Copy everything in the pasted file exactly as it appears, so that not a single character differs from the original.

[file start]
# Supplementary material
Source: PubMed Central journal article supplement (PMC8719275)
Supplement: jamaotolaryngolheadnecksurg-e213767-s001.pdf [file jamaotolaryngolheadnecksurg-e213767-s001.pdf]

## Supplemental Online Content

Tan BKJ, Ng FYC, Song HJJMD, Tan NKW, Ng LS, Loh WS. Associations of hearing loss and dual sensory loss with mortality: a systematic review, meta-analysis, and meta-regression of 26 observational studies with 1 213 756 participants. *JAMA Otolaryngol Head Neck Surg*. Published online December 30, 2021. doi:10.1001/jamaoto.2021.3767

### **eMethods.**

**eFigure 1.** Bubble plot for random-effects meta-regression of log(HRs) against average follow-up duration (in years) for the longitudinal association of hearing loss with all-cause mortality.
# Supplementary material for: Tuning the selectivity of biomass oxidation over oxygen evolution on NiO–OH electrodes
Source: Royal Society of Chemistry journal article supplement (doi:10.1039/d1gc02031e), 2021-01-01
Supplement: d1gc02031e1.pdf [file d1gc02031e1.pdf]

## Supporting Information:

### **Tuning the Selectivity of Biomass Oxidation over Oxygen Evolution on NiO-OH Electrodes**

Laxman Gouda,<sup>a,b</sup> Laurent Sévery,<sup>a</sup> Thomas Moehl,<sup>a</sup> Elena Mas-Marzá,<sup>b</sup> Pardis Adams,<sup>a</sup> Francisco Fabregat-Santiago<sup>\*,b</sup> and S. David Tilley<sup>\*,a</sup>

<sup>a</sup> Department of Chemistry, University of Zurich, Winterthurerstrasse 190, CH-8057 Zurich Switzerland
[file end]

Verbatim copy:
# Supplementary material
Source: PubMed Central journal article supplement (PMC8719275)
Supplement: jamaotolaryngolheadnecksurg-e213767-s001.pdf [file jamaotolaryngolheadnecksurg-e213767-s001.pdf]

## Supplemental Online Content

Tan BKJ, Ng FYC, Song HJJMD, Tan NKW, Ng LS, Loh WS. Associations of hearing loss and dual sensory loss with mortality: a systematic review, meta-analysis, and meta-regression of 26 observational studies with 1 213 756 participants. *JAMA Otolaryngol Head Neck Surg*. Published online December 30, 2021. doi:10.1001/jamaoto.2021.3767

### **eMethods.**

**eFigure 1.** Bubble plot for random-effects meta-regression of log(HRs) against average follow-up duration (in years) for the longitudinal association of hearing loss with all-cause mortality.
# Supplementary material for: Tuning the selectivity of biomass oxidation over oxygen evolution on NiO–OH electrodes
Source: Royal Society of Chemistry journal article supplement (doi:10.1039/d1gc02031e), 2021-01-01
Supplement: d1gc02031e1.pdf [file d1gc02031e1.pdf]

## Supporting Information:

### **Tuning the Selectivity of Biomass Oxidation over Oxygen Evolution on NiO-OH Electrodes**

Laxman Gouda,<sup>a,b</sup> Laurent Sévery,<sup>a</sup> Thomas Moehl,<sup>a</sup> Elena Mas-Marzá,<sup>b</sup> Pardis Adams,<sup>a</sup> Francisco Fabregat-Santiago<sup>\*,b</sup> and S. David Tilley<sup>\*,a</sup>

<sup>a</sup> Department of Chemistry, University of Zurich, Winterthurerstrasse 190, CH-8057 Zurich Switzerland